A simile is a figure of speech in which two things are compared, normally in a way that is unexpected or unusual. Most commonly this technique is achieved by saying something is like another thing.
Similes are often confused with metaphors. A simile is more comparative, with words such as “like” or “as” whereas a metaphor is more definite, with a description that something “is” another.
Why use a Simile?
- Providing Examples: Similes are a great way of providing examples to a reader, helping them understand thoughts and feelings associated with situations, which they may not necessarily be familiar with.
- Placing Emphasis: By using this poetic device, poets are able to make a specific line or section of the poem more memorable and significant. This is particularly effective in poems when there is an overall lack of poetic devices, which makes this simple choice stand out further.
- Creating Links: The ability to compare anything by using a simile is important because it enables the poet to create a link that may not otherwise have been considered. It can also help to link ideas throughout a poem, which otherwise would have been distinct and less effective.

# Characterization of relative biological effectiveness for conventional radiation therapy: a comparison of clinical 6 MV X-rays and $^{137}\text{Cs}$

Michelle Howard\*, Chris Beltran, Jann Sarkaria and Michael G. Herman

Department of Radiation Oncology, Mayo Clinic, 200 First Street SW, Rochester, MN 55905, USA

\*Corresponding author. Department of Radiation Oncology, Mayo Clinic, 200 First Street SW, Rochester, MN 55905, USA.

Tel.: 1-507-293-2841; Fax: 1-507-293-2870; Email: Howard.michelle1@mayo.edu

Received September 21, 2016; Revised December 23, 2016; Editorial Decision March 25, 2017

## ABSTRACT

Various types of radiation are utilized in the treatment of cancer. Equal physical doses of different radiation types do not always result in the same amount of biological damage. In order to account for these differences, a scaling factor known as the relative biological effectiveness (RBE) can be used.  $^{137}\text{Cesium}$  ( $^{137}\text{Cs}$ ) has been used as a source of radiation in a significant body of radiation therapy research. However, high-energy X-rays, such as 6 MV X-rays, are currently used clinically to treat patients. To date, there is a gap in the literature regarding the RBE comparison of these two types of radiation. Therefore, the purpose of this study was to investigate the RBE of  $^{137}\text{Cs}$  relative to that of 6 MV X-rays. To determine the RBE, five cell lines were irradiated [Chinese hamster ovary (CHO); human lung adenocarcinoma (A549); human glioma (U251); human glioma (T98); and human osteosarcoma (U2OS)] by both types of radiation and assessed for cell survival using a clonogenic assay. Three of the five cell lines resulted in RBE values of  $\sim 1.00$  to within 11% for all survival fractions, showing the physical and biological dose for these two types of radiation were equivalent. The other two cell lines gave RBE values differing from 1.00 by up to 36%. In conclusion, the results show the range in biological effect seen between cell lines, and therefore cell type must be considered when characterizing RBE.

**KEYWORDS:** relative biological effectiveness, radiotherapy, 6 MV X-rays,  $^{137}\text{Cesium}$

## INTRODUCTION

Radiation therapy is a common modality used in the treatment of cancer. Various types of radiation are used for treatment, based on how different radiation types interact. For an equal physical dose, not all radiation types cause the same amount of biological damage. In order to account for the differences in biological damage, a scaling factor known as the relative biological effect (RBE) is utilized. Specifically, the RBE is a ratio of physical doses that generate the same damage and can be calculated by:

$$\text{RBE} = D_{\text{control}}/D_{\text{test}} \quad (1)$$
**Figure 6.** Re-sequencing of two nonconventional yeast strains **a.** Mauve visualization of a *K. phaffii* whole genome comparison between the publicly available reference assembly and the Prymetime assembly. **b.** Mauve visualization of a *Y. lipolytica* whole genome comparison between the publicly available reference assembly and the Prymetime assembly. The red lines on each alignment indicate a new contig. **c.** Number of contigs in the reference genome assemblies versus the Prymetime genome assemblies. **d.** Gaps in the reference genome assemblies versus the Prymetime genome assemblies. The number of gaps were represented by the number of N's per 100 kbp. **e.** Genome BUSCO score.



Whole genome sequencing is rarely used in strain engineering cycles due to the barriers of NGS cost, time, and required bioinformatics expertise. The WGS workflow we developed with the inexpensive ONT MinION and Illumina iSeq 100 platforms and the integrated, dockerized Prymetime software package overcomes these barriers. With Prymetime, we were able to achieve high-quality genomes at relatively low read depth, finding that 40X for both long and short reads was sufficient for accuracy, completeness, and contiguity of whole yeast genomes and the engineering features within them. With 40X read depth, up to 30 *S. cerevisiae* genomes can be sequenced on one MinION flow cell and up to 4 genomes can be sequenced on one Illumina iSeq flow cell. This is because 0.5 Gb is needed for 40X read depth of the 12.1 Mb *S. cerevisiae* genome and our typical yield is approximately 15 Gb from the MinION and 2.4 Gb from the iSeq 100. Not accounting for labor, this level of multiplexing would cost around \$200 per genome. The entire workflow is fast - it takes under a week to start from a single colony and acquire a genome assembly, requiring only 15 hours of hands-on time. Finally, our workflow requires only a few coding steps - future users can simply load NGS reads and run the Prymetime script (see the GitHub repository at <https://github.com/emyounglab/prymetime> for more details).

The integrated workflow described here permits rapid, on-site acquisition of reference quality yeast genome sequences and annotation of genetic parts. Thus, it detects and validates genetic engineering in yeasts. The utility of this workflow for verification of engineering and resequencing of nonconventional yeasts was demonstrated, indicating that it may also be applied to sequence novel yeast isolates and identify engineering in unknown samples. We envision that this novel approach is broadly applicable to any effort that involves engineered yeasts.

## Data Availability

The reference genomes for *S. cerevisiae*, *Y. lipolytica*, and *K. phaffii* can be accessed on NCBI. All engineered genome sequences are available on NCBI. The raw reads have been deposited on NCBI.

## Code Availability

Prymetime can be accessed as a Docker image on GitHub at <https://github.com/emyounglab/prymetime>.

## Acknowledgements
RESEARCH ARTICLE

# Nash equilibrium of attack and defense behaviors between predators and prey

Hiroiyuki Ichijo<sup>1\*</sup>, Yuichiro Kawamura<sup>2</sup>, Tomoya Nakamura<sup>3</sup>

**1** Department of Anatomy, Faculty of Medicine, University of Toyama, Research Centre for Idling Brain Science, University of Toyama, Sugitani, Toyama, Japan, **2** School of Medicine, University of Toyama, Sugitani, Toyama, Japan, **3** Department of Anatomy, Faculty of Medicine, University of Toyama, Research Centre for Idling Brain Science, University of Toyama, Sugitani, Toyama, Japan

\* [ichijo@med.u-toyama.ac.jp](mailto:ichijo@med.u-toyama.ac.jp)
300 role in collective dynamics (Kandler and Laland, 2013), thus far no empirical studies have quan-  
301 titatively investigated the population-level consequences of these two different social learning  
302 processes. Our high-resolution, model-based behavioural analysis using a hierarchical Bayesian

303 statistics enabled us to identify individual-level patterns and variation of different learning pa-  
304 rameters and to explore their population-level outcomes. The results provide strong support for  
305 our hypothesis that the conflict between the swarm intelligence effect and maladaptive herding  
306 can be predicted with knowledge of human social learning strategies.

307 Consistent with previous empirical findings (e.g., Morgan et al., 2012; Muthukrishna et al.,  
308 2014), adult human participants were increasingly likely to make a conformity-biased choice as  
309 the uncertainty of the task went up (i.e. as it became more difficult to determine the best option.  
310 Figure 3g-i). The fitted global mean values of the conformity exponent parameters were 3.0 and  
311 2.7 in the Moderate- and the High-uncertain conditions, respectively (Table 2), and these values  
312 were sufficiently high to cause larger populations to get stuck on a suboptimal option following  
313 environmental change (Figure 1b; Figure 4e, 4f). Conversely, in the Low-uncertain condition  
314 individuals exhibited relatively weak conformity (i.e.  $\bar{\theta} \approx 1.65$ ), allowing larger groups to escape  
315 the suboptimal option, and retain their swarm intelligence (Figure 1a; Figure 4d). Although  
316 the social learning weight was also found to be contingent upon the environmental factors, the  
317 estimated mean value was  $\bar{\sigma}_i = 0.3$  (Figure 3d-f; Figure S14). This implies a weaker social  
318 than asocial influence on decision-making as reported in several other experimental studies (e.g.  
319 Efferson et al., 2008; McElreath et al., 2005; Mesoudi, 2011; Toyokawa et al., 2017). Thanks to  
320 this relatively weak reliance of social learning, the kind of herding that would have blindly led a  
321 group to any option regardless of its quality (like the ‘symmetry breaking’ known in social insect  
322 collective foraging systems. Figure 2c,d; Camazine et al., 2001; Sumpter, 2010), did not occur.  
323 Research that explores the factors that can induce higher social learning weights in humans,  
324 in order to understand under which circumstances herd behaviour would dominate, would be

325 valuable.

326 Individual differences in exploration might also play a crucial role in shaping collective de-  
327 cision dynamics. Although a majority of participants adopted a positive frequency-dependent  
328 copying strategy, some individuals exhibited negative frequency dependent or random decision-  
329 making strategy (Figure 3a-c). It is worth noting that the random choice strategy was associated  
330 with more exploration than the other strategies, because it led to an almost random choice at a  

Examples of Similes
Elizabeth Jennings uses a variety of similes in ‘One Flesh‘ (Love Poetry Through the Ages) to help provide imagery to the reader and aid understanding of the poem.
The breakdown of a relationship between parents is not something all readers would have experienced, and Jennings recognises this by providing similes to help communicate key thoughts and feelings. In addition, using similes rather than metaphors helps provide opportunity for readers to associate their own ideas with the poem.
tossed up like flotsam
‘The Furthest Distances I’ve Travelled‘ (Poems of the Decade) by Leonita Flynn uses similes to help place emphasis on certain ideas in a poem, which is largely lacking in frequent poetic devices.
The simile is in the first stanza, which makes it noticeable to a reader and avoids it being lost in the relatively complex structure of the rest of the poem. It helps to make the reader understand the significance of travel, and both the physical and mental ‘weight’ of frequent new experiences. Some people could also see this technique as helping to make a fundamental connection between humans and the world, helping to make the poem’s message more significant.
curved under it like a meridian
Similes are frequently used in a range of poems, literature, and even in everyday language. You’ll probably have heard of some of these examples:
As big as an elephant
shine like a star
brave as a lion